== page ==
- THE MAGAZINE
Almost everyone who has performed extraction cleaning has done so with a portable extractor at one time or another. Many have experienced the thrill of moving from portable to truckmount cleaning with its extra power and convenience.
Along with the extra power and features of truckmounts come some unique challenges. One such challenge is hose handling and safety. Many of today's truckmounts are capable of hose runs as long as 300 to 400 feet from the truckmount. While this is excessive in most cases, even runs of 150 feet result in hose running across and through pedestrian areas where tripping and liability could be a problem.
Another related item that is essential in protecting against slips and falls is a simple folding caution sign. These signs are available in different configurations and materials. Most are imprinted with a visual of a person slipping and say "Caution: Wet Floor." Something available from most local distributors, and built specifically for our industry, is a sign with the same picture of a person slipping, but the imprint says, "Caution, Hoses, Wet Carpet." This sign should be used, and be placed next to or over the hose, both on commercial and residential jobs, any time there is a possibility a person will be walking over your hoses. Consider also placing this sign where a person could be walking from wet carpet unto a hard surface. Ask your attorney if he thinks this is a good idea.
Another exciting tool for the professional that can be used with a truckmount, or in many other situations, is the thermo-anemometer. If the weatherman in you has been dying to get out, this is the tool for you. It can read air velocity, temperature, and wind chill. If you would like to put this to a good use in your business, you may want to measure the CFM your truckmount is producing at the end of 150 feet of vacuum hose. Restorers find the thermo-anemometer useful in measuring the air output and temperature from their dehumidifiers and air movers.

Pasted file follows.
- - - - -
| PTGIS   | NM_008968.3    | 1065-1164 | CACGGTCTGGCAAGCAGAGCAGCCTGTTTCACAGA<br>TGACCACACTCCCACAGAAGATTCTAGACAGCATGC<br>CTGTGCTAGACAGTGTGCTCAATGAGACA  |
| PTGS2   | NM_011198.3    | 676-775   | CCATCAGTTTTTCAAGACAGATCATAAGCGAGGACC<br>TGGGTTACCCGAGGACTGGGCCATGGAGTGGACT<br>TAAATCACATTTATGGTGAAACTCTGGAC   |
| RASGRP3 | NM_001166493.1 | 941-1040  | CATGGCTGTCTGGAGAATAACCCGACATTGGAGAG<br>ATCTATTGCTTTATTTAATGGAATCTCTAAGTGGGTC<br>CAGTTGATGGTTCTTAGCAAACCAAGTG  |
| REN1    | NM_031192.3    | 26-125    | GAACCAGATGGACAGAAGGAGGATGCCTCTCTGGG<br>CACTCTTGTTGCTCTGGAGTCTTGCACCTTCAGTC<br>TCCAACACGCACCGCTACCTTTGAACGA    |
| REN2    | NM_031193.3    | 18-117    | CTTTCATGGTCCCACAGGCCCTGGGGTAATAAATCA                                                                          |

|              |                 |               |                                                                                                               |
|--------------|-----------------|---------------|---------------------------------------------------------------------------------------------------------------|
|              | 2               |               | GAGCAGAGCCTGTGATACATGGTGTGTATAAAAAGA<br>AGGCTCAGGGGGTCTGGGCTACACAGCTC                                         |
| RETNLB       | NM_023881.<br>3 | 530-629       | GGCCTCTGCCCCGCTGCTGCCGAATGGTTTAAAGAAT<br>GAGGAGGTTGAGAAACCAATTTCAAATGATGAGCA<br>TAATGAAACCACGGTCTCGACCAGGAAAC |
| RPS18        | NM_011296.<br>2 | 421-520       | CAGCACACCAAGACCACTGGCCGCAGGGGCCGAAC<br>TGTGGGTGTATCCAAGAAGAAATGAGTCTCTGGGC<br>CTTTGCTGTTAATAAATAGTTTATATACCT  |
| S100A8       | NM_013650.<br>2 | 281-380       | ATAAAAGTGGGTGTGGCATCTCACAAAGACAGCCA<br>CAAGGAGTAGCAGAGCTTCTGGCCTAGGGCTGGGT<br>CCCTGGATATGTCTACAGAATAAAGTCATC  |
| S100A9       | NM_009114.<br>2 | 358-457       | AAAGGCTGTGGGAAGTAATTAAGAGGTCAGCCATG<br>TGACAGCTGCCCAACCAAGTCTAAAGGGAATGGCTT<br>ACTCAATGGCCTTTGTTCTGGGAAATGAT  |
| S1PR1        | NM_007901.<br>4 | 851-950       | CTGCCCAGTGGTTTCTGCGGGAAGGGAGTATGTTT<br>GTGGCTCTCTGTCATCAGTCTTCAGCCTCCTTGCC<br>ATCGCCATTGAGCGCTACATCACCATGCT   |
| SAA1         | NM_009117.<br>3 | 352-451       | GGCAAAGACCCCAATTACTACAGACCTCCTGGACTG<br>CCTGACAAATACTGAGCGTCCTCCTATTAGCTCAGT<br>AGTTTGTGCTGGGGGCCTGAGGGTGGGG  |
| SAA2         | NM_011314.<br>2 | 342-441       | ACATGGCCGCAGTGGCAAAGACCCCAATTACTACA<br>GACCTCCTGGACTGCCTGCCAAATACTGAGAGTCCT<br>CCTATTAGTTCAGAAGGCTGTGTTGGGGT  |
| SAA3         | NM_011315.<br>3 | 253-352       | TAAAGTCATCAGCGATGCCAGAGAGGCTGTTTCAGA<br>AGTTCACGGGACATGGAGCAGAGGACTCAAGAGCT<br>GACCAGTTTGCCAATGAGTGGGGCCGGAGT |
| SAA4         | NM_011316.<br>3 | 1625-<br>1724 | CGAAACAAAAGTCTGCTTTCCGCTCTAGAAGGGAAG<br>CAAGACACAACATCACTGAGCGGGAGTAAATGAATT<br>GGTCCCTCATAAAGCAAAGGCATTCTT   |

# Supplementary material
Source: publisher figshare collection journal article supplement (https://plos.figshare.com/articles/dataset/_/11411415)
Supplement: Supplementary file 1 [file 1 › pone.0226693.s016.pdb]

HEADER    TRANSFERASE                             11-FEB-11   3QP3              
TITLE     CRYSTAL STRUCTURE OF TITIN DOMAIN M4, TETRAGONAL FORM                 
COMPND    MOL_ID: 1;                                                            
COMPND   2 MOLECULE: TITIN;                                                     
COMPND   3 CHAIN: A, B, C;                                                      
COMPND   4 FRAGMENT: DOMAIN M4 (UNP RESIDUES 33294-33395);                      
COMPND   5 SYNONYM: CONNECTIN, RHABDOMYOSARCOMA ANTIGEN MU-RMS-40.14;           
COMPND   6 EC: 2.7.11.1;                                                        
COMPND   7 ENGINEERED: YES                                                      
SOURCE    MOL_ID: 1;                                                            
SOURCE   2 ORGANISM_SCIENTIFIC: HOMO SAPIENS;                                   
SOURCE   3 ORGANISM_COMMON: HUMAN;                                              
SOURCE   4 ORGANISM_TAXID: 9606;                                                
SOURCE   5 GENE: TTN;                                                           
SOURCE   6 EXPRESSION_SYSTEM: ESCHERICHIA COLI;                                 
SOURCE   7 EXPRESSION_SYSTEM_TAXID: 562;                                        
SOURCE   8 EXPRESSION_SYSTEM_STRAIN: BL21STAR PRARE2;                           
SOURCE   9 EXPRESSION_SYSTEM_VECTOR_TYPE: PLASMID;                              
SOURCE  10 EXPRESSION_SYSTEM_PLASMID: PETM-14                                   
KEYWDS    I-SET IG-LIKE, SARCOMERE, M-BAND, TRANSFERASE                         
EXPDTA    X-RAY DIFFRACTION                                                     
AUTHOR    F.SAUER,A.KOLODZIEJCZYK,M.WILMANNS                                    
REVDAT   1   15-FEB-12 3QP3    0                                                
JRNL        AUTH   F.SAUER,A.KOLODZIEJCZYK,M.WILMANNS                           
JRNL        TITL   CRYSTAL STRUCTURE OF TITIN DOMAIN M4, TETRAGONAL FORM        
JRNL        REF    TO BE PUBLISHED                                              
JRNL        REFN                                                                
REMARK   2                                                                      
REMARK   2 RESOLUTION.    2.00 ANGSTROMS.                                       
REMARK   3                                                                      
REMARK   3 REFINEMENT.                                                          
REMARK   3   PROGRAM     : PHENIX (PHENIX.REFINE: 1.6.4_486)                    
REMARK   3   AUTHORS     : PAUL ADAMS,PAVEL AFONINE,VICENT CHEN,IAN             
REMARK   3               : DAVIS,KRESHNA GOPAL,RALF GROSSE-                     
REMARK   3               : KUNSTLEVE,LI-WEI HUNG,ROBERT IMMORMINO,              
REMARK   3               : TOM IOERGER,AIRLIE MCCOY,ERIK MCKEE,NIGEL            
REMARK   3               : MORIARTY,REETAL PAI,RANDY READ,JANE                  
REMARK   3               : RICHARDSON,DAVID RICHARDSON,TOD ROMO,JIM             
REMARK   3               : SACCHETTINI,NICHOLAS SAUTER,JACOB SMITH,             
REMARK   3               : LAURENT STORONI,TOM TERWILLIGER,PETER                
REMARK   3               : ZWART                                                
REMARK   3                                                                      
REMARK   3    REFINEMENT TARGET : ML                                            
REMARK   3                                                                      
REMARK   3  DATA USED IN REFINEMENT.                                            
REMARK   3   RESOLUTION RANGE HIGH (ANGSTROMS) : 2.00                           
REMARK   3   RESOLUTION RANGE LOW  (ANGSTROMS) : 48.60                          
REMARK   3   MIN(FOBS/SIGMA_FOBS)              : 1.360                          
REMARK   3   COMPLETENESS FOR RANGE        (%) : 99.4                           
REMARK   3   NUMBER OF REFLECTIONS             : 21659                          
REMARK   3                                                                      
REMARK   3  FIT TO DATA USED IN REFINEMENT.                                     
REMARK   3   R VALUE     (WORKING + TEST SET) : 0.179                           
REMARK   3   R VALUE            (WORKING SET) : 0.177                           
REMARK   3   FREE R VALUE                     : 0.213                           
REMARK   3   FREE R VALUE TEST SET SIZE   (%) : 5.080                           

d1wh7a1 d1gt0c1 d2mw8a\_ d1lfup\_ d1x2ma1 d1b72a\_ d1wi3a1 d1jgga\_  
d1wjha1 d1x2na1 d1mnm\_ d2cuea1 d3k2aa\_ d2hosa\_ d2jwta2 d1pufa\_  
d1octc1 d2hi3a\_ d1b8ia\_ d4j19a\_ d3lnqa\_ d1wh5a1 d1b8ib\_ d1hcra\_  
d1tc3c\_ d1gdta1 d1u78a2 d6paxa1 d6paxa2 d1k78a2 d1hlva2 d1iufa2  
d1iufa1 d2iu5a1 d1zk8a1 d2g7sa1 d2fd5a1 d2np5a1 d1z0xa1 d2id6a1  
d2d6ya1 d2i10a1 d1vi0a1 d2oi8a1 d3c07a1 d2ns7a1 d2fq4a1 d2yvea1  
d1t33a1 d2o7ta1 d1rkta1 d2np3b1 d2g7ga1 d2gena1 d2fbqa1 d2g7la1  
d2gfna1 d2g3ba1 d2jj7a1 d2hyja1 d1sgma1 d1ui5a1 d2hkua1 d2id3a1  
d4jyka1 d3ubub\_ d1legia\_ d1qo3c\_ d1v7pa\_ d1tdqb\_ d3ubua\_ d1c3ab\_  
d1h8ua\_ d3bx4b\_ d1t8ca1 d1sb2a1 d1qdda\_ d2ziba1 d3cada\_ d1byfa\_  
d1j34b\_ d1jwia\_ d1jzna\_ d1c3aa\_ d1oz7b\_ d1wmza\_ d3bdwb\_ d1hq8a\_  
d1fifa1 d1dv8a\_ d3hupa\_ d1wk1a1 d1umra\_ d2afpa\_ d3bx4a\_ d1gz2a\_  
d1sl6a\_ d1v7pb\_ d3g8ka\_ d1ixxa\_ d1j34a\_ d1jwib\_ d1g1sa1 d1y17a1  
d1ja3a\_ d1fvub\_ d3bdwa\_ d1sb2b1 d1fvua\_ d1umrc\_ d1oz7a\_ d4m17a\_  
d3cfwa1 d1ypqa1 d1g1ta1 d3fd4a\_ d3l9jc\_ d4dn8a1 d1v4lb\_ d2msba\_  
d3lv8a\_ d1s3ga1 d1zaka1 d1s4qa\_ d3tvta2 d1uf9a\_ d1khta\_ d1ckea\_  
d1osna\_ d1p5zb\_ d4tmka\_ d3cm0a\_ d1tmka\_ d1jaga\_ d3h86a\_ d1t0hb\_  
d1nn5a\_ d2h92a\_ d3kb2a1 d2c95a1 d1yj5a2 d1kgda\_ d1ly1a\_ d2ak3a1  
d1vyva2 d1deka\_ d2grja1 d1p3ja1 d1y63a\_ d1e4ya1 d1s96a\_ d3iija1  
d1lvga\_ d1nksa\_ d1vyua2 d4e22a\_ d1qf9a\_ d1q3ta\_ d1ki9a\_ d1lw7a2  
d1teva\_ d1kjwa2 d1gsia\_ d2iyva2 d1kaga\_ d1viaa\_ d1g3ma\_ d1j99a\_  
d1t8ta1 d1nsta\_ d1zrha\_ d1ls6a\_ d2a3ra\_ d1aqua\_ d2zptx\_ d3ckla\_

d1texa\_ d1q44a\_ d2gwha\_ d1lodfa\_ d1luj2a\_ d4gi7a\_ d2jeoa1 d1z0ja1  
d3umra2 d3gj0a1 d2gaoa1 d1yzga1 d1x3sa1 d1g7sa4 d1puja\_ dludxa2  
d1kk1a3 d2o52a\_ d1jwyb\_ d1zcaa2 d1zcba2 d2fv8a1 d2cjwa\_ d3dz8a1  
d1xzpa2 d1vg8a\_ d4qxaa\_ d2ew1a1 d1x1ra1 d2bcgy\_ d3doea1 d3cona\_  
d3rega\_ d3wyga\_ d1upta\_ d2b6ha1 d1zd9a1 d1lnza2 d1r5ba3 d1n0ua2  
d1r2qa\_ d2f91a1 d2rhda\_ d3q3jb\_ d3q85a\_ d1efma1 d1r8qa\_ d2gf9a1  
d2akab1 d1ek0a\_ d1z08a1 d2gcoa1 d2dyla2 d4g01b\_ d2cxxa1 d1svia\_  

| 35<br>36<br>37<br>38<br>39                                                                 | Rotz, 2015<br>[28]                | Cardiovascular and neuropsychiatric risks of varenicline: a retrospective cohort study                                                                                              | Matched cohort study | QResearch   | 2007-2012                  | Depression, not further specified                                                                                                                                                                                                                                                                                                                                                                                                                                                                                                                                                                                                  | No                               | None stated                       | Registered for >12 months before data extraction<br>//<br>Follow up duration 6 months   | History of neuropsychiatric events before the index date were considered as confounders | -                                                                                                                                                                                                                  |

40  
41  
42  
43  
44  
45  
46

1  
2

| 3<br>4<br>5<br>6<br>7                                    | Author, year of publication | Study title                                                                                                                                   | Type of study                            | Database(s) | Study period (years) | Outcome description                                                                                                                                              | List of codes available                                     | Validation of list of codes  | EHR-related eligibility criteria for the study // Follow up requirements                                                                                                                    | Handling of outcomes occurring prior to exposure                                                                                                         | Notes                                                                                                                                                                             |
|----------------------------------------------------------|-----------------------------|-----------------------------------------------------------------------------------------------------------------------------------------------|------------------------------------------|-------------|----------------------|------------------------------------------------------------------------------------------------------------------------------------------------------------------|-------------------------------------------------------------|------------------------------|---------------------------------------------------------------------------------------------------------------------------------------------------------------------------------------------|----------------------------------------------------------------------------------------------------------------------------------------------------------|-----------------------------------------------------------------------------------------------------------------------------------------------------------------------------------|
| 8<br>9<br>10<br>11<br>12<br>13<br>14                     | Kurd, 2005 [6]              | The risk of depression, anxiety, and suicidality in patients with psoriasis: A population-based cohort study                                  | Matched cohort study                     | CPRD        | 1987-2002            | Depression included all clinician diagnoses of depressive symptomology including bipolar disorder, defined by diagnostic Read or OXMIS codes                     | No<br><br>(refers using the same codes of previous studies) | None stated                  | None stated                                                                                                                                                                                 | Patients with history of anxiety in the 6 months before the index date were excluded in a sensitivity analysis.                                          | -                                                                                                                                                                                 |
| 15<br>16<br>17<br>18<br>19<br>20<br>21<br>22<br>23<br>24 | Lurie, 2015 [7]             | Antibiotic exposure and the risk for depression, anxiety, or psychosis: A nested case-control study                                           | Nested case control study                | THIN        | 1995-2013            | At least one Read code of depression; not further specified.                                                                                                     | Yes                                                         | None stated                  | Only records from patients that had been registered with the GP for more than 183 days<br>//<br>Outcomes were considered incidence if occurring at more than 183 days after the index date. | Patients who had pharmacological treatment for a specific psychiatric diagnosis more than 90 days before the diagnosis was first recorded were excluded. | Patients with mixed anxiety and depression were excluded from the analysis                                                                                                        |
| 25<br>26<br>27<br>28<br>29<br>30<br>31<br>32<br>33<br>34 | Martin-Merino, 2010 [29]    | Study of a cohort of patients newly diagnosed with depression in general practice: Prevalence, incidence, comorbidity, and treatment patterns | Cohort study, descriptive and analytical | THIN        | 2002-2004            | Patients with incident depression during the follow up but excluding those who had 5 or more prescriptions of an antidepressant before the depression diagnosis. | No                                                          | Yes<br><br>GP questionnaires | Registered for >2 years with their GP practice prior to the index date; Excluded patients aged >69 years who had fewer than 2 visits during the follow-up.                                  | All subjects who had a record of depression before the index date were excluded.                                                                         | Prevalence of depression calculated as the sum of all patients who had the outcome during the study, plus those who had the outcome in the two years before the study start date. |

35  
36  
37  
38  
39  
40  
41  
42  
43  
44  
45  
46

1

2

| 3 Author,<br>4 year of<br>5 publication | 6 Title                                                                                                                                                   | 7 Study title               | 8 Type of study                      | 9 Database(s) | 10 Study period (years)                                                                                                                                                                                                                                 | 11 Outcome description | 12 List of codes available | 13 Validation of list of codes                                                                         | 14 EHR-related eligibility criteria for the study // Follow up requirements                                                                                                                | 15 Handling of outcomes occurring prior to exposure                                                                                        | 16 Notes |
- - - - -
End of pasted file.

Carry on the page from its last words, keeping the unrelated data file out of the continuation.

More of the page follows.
The anemometer is placed directly in the airflow, and will give you a reading of how fast the air is moving. For most of our purposes we read this in feet per minute, as we are looking to figure cubic feet per minute of air movement. Measuring in miles per hour and then converting to feet per minute will complicate your math and lead to mistakes.
Calculating your CFM, or cubic feet per meter, is a simple matter of measuring the air speed and multiplying this number by the area it is passing through. This area is at the mouth of the hose or fan. If the airspeed is 6,000 feet per minute, and the area of the mouth of the 2-inch hose is 0.022 square feet, the CFM is figured as 6,000 feet per minute times 0.022 square feet, which equals 132 cubic feet per minute.
A carpet-drying fan opening is a little more difficult, because these tend to be ovals. The best way to calculate the area in this case is to approximate by using a rectangle. The area of a rectangle is length multiplied by height, so measure the height of the opening and multiply it by the length (measure the length as a little bit shorter than the mouth at its longest part). So if the height was 3 inches, and the length is approximately 13 inches, the area (height times length) is 0.27 square feet.
The hardest part in calculating CFM is in keeping the units straight. If you have measured any of your values in inches, you will need to change them to feet before you start calculating. So if the height is 3 inches and the length is 13 inches, change that to 0.25 feet for the height, and 1.08 feet for the length, giving a value of 0.27 square feet for the area.
Take the measurement with the anemometer for feet per minute in several places across the opening of the air mover. Next, take the average of these readings and multiply the feet-per-minute reading by the square feet of the opening to get the CFM: the opening of the air mover is 0.27 square feet times 4,000-feet-per-minute velocity, so the CFM is 1,080.
I hope you find these tools helpful. Like Mom always used to say, "Have fun and be careful!"